Can healing headlines beat shocking ones?

(Photo via State of Digital)

(Photo via State of Digital)

 

I know. I know. Headlines have, since the very beginning, been written to turn heads. They have largely done so by inducing fear or anxiety There's a reason the saying goes "if it bleeds, it leads". The more dramatic, dire, urgent or disruptive a story is advertised to be, the more likely people are to read it. This practice is a direct response to human nature. Our brains are hard-wired to pay attention to threats -- real or perceived. 

It's good business to play into that natural response system. When the brain's imagination runs wild, it kicks up a pretty steady revenue stream in its wake.

What if there's money to be earned by pursuing the brain's opposite response? What if headlines, rather than induce anxiety and scare or anger audiences into clicking, sought to cater to our curiosity and our desire to heal and improve our well-being?

Let me explain. I recently switched up my Twitter feeds to surface more stories on mindfulness, meditation, wellness and health. I did this to counteract the negative emotional and physical effects of traditional daily news headlines. Yes, there can be an emotional and physical toll. But I also realized that there was an opportunity, perhaps, to pivot stories from their anxious tone to a more generative, hopeful and empowering one. That is an editorial choice. 

I find I more frequently read and engage with my positive, healthier news feed more than any other. I am more aware of when news and information negatively affects me, and I seek out information that provides a more constructive, solutions-oriented outlook. What if these stories were the norm rather than the exception.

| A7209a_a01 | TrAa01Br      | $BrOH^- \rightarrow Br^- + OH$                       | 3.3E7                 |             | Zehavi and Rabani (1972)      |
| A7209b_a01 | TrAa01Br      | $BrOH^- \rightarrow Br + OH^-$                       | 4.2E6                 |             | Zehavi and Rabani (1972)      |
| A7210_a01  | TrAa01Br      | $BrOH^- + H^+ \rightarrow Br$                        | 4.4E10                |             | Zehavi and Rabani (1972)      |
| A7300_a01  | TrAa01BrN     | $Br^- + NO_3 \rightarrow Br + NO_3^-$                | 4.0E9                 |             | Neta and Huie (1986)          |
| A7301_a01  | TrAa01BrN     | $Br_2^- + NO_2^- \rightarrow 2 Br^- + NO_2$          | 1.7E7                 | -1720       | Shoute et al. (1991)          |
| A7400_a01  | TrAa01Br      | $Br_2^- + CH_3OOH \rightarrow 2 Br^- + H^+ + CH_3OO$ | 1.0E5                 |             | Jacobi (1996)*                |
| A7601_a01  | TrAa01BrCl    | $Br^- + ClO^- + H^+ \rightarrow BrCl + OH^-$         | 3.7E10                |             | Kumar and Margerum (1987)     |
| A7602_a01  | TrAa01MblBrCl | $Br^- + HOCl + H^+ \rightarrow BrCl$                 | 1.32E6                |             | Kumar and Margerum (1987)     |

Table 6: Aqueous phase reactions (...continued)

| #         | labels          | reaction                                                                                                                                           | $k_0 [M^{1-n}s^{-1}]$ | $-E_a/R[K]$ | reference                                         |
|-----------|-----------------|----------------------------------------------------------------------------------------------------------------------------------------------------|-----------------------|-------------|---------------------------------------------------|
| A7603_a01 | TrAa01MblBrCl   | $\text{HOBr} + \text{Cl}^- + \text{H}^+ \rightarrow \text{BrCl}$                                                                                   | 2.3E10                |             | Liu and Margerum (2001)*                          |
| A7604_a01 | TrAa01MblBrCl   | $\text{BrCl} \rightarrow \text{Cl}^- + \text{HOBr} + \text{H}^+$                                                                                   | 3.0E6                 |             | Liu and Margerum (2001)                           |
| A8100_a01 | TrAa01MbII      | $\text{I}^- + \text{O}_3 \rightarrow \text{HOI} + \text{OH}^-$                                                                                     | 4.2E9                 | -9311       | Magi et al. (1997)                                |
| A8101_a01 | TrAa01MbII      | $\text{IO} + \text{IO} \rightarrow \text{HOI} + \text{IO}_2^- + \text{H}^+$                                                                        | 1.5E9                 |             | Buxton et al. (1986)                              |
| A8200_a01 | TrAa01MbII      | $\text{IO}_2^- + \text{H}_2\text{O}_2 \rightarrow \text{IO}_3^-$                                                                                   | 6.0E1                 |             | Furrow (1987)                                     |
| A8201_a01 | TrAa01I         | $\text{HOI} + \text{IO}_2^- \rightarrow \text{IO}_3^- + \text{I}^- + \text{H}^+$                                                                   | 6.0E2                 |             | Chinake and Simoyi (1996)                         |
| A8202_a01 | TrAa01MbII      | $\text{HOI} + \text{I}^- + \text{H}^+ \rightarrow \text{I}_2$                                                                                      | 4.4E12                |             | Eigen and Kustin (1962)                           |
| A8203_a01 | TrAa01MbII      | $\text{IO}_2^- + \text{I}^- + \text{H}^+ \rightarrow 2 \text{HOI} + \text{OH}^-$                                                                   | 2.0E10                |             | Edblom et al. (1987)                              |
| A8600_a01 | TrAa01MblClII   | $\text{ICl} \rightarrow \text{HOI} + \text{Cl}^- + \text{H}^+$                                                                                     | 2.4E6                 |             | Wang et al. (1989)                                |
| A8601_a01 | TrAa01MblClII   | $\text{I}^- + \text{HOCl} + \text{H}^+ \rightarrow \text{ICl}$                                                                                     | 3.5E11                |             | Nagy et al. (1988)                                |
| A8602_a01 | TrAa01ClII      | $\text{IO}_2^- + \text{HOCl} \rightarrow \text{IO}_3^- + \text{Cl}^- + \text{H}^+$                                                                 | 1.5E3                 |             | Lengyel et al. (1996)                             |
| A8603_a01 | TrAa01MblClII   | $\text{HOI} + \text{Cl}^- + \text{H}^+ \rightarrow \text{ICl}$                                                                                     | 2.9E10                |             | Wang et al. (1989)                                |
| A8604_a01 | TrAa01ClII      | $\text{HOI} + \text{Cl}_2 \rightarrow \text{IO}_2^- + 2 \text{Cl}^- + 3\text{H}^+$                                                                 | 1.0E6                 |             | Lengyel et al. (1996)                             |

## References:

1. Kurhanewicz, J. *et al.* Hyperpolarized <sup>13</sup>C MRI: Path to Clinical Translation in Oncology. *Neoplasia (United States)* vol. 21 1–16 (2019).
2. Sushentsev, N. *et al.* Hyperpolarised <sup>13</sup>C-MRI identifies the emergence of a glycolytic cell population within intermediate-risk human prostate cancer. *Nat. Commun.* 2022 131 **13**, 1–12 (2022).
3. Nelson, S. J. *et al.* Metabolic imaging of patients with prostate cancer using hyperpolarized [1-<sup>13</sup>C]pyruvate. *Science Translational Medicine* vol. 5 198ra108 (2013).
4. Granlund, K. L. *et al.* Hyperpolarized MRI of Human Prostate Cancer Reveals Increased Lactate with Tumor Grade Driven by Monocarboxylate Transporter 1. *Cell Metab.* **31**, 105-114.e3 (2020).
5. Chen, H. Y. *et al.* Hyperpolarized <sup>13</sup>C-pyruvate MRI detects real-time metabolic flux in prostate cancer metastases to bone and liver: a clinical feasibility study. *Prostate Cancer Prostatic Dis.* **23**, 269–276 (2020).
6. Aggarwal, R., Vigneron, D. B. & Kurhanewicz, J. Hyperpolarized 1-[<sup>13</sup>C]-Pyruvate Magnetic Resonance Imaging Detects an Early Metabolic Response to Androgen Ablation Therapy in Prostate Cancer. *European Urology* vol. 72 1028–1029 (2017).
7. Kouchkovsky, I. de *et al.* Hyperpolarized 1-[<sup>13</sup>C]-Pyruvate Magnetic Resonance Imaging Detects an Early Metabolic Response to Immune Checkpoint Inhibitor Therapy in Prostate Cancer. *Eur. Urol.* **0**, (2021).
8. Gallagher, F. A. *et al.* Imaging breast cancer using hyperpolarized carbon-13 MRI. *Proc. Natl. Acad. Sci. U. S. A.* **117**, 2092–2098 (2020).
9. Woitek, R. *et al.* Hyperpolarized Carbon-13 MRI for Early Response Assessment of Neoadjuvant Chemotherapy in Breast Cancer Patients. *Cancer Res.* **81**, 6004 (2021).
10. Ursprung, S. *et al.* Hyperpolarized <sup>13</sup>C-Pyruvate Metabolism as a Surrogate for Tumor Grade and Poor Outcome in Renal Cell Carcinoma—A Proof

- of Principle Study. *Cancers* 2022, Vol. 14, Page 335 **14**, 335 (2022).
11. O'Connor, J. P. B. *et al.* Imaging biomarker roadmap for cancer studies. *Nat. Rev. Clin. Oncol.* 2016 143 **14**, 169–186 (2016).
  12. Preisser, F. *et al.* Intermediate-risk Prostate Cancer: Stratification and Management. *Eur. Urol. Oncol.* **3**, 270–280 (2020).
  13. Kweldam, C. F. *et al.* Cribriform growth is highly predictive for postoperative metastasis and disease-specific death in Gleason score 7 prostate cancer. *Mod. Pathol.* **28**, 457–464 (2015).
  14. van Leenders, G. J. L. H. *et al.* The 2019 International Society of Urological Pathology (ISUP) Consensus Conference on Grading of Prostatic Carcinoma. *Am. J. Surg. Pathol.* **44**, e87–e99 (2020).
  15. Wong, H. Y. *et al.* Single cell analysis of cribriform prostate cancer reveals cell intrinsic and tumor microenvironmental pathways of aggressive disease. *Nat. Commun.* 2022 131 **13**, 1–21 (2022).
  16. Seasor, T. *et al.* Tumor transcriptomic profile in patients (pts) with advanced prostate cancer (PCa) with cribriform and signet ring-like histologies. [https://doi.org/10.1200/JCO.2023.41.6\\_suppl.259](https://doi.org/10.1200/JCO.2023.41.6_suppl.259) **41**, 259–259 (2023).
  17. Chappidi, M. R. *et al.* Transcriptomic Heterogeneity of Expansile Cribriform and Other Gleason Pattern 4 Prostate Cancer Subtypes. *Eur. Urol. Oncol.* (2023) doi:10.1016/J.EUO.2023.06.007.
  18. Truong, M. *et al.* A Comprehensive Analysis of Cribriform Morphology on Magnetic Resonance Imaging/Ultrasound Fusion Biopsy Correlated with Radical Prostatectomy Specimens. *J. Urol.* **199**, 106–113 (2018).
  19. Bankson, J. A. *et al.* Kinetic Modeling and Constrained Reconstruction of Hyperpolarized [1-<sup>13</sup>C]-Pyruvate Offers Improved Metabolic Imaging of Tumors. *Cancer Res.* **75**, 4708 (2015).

We are in the middle of a transformational era in media -- no news there (ba-dum!). But how we choose to go forward, whether it be the nature of our headlines or the ways we treat those who read them, will largely determine the overall nature of our behaviors and, ultimately, our culture and the health of our society. 

 
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Emi Kolawole

Emi Kolawole earned her B.A. in international relations and theater studies from Wellesley College and studied abroad at both the Panthéon-Sorbonne and the National Theater Institute.  She joined the Annenberg Public Policy Center's FactCheck.org in November, 2005 after working as a news researcher for Congressional Quarterly on issues of defense, foreign policy, intelligence and homeland security. Previously, she was a production assistant at PBS's "NOW With Bill Moyers," and worked in the Washington area office of a defense contractor.

In addition to her work as a staff writer and researcher for FactCheck, Emi was the host, writer and video editor for FactCheck.org's weekly video feature "Just the Facts!"  She is a level 1 certified Final Cut Pro editor and earned her master's degree in producing for film and video at American University. She also led the fact-checking review effort for "UnSpun: Finding Facts in a World of Disinformation."

Emi served as the associate producer for "Washington Week with Gwen Ifill & National Journal." In June 2010 she joined the Washington Post as a producer for PostPolitics. She served as the founding editor for Ideas@Innovations (now "Innovations") and co-host for the Post's daily news program "59 Seconds." In 2011, Emi was named a Young Global Shaper by The World Economic Forum. In 2013 she was listed among The Grio 100, was named a French-American Foundation Young Leader and accepted an invitation to become the Editor-in-residence at the d.school at Stanford University. She has served for the past three years at the d.school, most recently as a senior media designer working on the media experiments collaboration between Knight Foundation and the d.school. She is currently the founder of the media and design consultancy Dexign LLC.